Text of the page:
Stand up for facts and support PolitiFact.
Now is your chance to go on the record as supporting trusted, factual information by joining PolitiFact’s Truth Squad. Contributions or gifts to PolitiFact, which is part of the 501(c)(3) nonprofit Poynter Institute, are tax deductible.
I would like to contribute
U.S. Rep. Marcy Kaptur, D-Toledo, appeared recently on MSNBC’s PoliticsNation with Al Sharpton in which the host took a swipe at Republicans for focusing on women’s reproductive issues rather than creating jobs.
Kaptur shared Sharpton’s indignation and said voters in her district do, too. "They think the Republicans want to take us back a half century on reproductive health," she said.
The subject then turned to economics and the pending transportation bill, with Kaptur lamenting the fact that Congress has not been able to approve a bill that would put a lot of Americans back to work.
"The American people are clamoring for getting the roads paved, for improving our airports, for improving our mass transit, for improving our ports," she said.
She then brought the conversation back to the subject of women and the economic challenges many of them face.
"The poorest in this country are women," she said.
PolitiFact Ohio decided to focus on this simple statement about the economic plight of women.
Kaptur’s communications director Steve Fought provided PolitiFact Ohio with U.S. Census data and a National Women’s Law Center report to back up his boss’s statement.
The numbers indeed show that the poverty rate for women in the United States was 14.5 percent in 2010, which was 3.3 percentage points higher than for men.
Women also fared worse when comparisons were made within ethnic groups, such as white (non-Hispanic), black, Hispanic, Asian and native American. For instance, slightly more than 25 percent of all African-American women were in poverty in 2010, compared with 19.1 percent for African-American men.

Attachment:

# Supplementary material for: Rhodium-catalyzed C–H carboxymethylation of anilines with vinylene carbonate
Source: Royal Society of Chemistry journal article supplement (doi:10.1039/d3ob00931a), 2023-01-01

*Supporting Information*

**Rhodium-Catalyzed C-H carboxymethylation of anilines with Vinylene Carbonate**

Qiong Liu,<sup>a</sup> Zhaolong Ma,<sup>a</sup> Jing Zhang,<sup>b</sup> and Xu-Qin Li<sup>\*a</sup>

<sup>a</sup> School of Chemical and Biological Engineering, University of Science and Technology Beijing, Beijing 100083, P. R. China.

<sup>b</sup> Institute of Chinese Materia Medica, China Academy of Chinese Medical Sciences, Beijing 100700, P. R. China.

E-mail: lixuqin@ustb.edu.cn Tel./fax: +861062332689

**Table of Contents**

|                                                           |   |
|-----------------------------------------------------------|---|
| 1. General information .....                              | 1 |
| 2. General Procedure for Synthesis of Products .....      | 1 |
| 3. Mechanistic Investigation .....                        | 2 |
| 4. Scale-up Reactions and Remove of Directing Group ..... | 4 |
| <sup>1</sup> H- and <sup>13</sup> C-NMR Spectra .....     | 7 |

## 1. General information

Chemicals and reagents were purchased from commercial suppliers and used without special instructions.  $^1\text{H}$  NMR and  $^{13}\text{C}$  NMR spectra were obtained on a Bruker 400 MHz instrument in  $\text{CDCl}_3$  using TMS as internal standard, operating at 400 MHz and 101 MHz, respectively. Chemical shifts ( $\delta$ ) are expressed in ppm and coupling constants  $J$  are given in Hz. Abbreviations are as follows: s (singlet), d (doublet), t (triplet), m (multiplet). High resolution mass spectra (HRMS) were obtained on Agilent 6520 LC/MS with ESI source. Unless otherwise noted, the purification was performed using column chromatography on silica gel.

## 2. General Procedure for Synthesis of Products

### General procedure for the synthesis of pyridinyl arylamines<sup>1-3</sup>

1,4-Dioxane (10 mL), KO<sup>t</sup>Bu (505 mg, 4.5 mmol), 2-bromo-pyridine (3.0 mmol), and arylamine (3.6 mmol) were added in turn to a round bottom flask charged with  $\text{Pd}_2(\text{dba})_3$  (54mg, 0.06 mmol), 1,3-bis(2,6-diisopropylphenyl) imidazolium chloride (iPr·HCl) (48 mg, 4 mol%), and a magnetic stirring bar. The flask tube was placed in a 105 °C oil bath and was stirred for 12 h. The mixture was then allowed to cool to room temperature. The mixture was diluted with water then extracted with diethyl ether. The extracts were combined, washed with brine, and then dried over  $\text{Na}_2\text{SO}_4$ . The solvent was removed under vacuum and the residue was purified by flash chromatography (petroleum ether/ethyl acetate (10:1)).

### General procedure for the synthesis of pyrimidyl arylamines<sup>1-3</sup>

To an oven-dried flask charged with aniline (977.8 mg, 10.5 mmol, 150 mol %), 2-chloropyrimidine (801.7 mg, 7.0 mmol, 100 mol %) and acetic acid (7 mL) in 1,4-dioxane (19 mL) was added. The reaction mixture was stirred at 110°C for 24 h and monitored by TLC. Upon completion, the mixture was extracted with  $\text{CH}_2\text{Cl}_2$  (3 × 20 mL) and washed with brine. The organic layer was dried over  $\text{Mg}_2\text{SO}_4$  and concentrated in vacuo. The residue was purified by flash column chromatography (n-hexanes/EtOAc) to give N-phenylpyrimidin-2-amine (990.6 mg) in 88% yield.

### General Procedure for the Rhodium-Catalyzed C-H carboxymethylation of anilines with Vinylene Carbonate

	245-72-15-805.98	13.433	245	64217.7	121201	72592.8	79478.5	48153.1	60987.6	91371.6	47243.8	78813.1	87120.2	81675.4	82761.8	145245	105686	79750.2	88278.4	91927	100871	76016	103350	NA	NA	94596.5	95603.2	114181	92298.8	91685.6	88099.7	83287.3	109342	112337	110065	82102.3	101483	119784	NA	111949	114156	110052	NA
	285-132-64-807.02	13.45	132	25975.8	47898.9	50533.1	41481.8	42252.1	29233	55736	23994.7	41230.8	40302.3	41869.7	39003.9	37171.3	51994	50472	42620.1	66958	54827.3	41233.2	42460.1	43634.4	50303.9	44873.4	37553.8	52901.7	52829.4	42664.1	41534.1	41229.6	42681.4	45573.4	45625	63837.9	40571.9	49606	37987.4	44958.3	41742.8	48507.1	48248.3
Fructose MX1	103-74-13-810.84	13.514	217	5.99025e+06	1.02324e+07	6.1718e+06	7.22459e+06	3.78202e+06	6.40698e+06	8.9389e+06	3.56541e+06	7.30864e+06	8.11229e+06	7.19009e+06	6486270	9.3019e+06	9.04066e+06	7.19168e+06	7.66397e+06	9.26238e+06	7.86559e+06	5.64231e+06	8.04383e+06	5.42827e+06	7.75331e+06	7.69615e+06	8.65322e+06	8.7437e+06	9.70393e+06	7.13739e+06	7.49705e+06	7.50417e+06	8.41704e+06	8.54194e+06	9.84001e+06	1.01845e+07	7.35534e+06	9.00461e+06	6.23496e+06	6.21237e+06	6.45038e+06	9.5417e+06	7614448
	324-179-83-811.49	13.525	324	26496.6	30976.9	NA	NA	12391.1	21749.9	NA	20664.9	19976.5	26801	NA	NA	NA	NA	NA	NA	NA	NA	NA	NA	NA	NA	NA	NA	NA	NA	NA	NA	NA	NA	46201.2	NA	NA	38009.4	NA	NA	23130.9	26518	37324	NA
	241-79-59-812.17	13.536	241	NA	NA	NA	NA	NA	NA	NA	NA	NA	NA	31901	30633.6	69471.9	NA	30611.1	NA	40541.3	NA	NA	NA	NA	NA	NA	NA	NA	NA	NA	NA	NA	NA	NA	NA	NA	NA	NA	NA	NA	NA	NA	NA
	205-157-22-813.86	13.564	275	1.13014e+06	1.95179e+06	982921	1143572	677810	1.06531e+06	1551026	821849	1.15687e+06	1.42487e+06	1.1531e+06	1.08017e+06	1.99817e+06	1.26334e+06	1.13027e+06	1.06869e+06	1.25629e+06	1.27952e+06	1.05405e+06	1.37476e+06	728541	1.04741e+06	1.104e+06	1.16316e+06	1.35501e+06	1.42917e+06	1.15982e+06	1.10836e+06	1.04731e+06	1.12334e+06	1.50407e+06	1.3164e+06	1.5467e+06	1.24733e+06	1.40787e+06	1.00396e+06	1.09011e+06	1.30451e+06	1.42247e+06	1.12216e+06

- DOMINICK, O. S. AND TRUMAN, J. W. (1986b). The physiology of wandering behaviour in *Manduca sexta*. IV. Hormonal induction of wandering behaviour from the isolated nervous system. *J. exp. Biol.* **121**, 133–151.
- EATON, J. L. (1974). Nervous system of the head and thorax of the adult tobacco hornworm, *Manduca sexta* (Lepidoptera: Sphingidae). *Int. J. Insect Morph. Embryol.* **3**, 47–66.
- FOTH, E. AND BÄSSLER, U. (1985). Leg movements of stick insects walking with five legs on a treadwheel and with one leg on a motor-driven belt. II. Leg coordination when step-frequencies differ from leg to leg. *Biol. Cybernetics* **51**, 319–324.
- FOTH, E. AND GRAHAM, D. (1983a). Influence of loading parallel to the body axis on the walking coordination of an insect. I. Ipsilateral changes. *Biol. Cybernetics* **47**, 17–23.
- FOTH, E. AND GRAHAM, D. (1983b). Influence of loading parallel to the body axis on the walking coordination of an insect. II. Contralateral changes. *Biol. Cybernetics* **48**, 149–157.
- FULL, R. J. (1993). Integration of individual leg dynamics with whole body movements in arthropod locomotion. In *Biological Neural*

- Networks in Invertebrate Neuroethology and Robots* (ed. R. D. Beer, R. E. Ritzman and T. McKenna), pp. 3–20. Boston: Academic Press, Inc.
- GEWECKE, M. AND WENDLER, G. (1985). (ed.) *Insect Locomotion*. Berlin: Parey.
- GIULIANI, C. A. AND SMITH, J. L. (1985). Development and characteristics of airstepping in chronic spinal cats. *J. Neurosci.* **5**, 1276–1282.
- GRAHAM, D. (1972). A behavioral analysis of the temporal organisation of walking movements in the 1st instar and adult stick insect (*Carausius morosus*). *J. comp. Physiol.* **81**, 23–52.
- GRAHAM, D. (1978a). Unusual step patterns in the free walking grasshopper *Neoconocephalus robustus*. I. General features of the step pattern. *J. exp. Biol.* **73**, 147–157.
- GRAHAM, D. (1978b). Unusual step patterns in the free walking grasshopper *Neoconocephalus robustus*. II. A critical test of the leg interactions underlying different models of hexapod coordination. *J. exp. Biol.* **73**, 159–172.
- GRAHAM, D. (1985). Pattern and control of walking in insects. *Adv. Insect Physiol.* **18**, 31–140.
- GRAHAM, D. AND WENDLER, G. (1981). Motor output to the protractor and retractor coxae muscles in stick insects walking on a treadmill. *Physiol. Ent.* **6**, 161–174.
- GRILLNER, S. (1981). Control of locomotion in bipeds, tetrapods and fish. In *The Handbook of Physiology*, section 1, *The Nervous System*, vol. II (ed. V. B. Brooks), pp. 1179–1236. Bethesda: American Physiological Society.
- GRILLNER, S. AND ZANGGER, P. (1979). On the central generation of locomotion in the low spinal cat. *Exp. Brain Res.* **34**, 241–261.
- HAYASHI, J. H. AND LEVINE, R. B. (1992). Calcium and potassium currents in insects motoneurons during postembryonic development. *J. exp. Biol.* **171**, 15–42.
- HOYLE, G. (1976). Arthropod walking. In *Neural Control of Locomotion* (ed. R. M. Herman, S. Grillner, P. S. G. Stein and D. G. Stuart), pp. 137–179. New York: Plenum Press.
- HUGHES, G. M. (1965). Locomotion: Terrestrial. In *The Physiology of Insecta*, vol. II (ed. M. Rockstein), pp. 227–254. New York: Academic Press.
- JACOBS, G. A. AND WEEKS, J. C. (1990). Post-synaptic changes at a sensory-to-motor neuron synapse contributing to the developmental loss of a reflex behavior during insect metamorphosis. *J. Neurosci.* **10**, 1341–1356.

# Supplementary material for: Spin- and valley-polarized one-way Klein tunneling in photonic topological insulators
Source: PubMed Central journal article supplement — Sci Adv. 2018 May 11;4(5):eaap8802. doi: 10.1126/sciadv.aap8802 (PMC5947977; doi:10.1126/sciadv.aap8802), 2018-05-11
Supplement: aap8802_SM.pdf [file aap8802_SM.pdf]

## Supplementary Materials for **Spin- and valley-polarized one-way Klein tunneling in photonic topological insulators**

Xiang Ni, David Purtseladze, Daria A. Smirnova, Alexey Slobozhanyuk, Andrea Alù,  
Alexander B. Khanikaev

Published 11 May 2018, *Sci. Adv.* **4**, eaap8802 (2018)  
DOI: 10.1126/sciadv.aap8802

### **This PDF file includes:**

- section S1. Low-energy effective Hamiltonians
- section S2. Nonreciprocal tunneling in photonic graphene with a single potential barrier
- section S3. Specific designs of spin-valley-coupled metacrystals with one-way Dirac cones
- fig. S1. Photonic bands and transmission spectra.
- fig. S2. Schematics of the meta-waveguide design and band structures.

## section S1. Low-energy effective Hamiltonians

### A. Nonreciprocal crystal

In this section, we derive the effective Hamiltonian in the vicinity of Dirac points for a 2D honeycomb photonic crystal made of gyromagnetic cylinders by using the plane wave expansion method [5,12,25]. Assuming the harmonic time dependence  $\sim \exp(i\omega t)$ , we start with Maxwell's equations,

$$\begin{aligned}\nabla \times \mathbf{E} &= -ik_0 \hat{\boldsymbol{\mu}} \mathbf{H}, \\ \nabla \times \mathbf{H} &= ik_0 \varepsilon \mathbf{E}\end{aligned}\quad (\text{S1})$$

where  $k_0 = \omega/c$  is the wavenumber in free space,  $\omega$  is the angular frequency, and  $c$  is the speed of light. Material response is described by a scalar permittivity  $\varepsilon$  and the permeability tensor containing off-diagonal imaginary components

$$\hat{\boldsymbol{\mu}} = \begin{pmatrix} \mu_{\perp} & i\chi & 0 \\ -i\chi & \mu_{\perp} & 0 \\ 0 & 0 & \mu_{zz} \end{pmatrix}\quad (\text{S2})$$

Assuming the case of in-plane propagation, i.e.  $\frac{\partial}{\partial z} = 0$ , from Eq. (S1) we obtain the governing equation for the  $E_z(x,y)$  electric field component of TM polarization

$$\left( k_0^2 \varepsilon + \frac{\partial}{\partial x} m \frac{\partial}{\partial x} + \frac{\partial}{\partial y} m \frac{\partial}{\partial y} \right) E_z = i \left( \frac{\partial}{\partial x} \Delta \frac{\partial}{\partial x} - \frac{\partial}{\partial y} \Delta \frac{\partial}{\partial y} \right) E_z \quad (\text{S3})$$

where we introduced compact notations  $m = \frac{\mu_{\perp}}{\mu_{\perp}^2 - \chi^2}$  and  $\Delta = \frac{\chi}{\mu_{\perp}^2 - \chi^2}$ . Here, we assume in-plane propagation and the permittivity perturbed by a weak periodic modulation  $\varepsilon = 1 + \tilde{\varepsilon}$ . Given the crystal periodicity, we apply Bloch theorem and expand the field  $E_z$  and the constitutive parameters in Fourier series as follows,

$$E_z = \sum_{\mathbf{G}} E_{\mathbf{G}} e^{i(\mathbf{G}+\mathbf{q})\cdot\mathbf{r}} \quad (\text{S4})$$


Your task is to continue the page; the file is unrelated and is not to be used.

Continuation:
Greater numbers of women also tended to be poor when broken down by age groups. More than 25 percent of women 18-24 years of age are in poverty, compared with 18.8 percent for men in the same age group.
And for women in that same age group who are also single mothers, the percentage of those in poverty jumps to 40.7 percent, compared to 24.2 for single men with children.
We went one step further and found the percentage of women in extreme poverty was 6.3 percent, 1.4 percentage points higher than for men. People who are considered in extreme poverty have incomes that are more than halfway below the federal poverty line.
In those cases, one is "really destitute," said Claudia Coulton, co-director of the Center for Urban Policy and Community Development at Case Western Reserve University.
So, just about any way you slice it, women are more likely than men to be poor, or at least below the poverty line.
We rate Kaptur’s statement True.
Interview and e-mail correspondence with Steve Fought, communications director with U.S. Rep. Marcy Kaptur
Interview on March 20, 2012, with Dorothy Miller, director of the Flora Stone Mather Center for Women at Case Western Reserve University
Interview on March 22, 2012, with Claudia Coulton, co-director of the Center on Urban Policy and Community Development at Case Western Reserve University
U.S. Census Bureau, Current Population Survey
National Women’s Law Center, Analysis of New 2010 Census Poverty Data, September 2011
Read About Our Process
In a world of wild talk and fake news, help us stand up for the facts.